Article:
Creating a healthier eating environment on campus: feed your need to succeed

Crocket, Alicia
Rush, Elaine
Dickson, Geoff
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Doctor of Philosophy
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Auckland University of Technology

Creating a healthier eating environment, through increasing the availability and accessibility of healthier food and beverage choices, may shift eating behaviour in a favourable direction and improve the nutritional status of consumers. However, evidence about how to change eating environments, without compromising foodservice financial and operational objectives, is lacking.

A programme, called Feed Your Need to Succeed (FNS), which created a healthier eating environment in four university-managed food outlets over a two year period, was trialled. Measurable and specific goals of the programme were to proportionally increase the sales of healthier choices, to not compromise the profitability or operational load of the foodservice, and to document the process of change to provide guidelines for others. FNS was developed and implemented within a supportive environment, including consultation, collaboration and partnership with the university foodservice operation, their suppliers and consumers: staff and students. Three stages: needs assessment, development and implementation, and evaluation were undertaken through iterative stages of action research. Data were collected by both quantitative and qualitative research methods, validated by triangulation, and used to inform the FNS programme and change management process. Research methods used were: focus group and online discussion forum, interviews and collaborative reflective practice, an observational environmental audit and three years of detailed sales reports from the four food outlets. Staff and students identified that cost saving, convenience, and communication strategies would encourage them to choose healthier choices. The baseline observational environmental audit identified that the eating environment on campus had very little promotion of healthier or less healthy eating patterns. The fifteen FNS actions, clustered into four overarching strategies (cost, convenience, communication and foodservice support), were in place from April 2010, and the evaluation was in October 2010. Examples of FNS actions were: competitively priced fruit and muesli bars, healthier choices in vending machines and reformulated heated savouries. FNS actions continued to be maintained in the food outlets after the evaluation. Three critical success factors for development and implementation of FNS were: developing effective and trusting relationships with the foodservice team, adopting a robust and transparent nutrient profiling tool to identify healthier choices, and realistic, negotiated, win-win solutions for the foodservice operation and consumers. The proportion of healthier choices purchased, increased from 25.8% in 2008, to 30.3% in 2009 and 31.1% in 2010, with no apparent affect on profitability or change in the number of healthier product lines available. Competitively priced healthier snacks (fruit) in particular, were identified by staff and students as an effective and appropriate action and this was supported by an 84% increase in fruit sales. A ‘Guiding framework for foodservice change’ was developed from the research findings, to assist other foodservice operations to transition to a healthier eating environment. This translational action research provides evidence that creating a healthier eating environment can favourably shift purchasing patterns. However, the evidence provided about how foodservice operations can make changes, without compromising financial or operational objectives, is essential for encouraging foodservice operations to create healthier eating environments.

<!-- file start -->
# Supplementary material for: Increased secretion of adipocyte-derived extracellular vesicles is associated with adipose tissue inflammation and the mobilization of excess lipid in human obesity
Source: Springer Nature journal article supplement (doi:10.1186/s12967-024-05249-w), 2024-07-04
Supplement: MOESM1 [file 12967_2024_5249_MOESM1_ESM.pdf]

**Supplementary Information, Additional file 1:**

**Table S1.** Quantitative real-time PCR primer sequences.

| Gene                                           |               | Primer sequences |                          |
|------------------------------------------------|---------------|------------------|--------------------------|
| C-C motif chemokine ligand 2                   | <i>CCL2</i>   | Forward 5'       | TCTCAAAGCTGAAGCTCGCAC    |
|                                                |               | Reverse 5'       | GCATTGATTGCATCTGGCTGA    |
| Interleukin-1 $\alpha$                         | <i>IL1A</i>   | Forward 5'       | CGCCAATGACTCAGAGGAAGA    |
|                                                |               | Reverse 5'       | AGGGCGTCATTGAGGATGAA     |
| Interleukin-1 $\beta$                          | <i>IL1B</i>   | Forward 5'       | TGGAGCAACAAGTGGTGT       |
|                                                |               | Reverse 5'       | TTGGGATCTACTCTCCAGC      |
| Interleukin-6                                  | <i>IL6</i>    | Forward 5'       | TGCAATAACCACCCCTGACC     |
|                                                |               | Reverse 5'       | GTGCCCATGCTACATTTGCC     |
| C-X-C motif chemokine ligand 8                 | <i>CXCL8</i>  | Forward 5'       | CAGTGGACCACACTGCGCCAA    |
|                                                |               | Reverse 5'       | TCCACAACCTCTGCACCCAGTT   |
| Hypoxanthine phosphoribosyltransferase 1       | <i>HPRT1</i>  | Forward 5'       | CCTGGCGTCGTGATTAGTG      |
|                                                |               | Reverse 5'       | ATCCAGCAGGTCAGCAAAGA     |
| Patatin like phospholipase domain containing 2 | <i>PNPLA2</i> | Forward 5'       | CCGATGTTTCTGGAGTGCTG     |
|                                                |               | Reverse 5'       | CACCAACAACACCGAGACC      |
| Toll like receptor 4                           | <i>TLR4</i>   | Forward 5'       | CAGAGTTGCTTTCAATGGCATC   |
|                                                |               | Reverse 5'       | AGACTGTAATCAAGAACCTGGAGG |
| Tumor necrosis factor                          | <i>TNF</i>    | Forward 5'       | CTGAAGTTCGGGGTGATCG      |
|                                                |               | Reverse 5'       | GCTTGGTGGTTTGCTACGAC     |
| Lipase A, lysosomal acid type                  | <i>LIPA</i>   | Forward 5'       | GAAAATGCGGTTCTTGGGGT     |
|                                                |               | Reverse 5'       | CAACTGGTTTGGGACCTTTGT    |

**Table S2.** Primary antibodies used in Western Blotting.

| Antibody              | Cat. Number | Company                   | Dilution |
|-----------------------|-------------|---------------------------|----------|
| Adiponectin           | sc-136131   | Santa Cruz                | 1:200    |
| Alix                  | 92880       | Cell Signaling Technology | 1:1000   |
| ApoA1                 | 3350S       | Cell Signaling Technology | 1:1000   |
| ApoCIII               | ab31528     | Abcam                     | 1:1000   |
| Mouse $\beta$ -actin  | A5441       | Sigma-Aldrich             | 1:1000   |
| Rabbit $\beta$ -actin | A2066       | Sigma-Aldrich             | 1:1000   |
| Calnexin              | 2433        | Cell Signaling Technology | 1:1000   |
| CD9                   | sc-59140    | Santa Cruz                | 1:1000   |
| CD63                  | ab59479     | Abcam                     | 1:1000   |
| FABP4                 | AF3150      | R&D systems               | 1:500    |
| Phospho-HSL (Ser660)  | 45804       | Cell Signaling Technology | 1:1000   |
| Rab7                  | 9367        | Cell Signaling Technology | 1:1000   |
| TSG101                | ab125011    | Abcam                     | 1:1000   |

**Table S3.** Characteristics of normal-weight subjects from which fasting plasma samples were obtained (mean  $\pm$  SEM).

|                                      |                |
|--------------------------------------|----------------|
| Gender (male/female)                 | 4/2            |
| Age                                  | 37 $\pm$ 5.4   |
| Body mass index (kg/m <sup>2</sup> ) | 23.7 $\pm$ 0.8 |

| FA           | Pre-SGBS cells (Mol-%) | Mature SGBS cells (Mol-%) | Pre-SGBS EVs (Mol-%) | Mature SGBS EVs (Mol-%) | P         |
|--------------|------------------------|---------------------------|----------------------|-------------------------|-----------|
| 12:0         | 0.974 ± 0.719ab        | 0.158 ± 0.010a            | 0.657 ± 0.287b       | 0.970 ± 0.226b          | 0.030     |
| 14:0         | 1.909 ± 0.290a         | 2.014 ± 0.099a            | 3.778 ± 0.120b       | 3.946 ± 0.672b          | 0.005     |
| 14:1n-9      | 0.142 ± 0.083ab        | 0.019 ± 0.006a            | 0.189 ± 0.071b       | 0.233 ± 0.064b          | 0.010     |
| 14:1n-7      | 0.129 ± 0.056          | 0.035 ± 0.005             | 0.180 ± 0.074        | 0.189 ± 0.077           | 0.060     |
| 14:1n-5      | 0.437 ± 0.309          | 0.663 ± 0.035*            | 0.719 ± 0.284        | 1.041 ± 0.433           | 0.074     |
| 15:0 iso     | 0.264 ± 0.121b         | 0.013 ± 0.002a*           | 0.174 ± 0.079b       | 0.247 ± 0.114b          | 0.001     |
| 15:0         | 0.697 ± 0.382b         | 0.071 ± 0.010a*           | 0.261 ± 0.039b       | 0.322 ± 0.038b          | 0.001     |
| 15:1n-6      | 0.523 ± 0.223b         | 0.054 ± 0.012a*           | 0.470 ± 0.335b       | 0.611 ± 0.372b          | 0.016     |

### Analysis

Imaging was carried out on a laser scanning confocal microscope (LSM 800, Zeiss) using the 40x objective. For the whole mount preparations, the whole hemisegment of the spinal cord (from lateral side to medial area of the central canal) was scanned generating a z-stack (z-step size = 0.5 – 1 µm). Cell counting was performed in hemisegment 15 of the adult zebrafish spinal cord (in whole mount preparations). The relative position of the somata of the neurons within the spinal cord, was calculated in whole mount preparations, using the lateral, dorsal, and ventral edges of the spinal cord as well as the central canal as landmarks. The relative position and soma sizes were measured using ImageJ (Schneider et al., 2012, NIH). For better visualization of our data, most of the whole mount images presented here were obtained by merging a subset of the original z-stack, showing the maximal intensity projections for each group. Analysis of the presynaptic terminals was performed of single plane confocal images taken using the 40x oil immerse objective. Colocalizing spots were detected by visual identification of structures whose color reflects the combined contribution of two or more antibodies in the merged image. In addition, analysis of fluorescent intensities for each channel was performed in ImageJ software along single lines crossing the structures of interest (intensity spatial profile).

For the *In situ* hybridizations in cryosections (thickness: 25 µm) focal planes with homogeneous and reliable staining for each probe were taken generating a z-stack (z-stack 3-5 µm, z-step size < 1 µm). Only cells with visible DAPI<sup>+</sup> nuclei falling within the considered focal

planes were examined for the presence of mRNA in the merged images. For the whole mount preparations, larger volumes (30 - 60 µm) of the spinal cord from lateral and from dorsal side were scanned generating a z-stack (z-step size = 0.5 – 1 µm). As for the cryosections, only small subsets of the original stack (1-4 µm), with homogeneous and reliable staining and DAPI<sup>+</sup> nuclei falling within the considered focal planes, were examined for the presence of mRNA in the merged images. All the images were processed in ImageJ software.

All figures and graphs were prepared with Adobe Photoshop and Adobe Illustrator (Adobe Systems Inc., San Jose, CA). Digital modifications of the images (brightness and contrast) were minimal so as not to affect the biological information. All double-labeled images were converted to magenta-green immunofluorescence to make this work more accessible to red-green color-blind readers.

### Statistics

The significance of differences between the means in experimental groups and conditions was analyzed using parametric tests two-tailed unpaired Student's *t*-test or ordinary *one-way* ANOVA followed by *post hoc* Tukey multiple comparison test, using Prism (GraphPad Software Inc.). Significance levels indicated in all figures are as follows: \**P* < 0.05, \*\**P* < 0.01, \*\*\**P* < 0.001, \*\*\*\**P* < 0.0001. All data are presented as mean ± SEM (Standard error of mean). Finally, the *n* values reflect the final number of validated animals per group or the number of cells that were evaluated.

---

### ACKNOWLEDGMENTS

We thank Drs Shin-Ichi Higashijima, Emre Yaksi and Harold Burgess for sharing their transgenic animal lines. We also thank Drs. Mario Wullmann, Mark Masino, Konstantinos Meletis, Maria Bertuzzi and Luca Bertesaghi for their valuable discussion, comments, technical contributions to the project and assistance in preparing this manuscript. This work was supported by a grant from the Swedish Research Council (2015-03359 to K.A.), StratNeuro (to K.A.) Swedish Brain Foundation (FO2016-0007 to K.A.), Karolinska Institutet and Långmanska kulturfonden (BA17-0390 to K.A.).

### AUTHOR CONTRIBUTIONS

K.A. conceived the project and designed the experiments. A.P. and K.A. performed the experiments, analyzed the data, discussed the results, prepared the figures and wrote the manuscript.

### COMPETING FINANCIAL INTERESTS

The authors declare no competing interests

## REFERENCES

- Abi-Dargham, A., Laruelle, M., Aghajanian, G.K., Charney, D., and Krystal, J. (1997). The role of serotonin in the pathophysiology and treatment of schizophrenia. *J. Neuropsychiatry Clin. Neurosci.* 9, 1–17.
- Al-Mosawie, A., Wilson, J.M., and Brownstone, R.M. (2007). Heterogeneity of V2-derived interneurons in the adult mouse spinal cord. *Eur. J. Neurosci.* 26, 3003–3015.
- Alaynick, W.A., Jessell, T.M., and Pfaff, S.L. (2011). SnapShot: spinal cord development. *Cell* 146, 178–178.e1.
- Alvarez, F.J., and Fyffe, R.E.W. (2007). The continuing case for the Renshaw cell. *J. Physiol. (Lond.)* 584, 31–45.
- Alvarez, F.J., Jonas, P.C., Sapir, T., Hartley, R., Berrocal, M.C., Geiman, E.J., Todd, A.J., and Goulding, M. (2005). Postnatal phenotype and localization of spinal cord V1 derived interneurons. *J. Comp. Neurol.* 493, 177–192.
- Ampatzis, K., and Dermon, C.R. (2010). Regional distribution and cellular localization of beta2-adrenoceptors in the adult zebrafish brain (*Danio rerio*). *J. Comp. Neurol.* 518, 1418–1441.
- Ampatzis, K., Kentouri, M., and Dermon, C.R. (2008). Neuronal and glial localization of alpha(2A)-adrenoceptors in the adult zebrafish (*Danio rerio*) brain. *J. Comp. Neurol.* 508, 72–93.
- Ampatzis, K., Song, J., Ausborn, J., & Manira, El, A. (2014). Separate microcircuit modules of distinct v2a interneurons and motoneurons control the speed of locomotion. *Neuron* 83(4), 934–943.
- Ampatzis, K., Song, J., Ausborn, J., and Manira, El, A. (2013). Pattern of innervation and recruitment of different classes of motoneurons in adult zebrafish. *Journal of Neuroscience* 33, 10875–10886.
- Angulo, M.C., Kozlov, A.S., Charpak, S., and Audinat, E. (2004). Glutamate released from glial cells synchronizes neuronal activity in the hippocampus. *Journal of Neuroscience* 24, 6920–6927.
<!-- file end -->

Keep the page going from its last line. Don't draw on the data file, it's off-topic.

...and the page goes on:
Foodservice change , Action research , Profit , University food , Eating environment , Healthy eating
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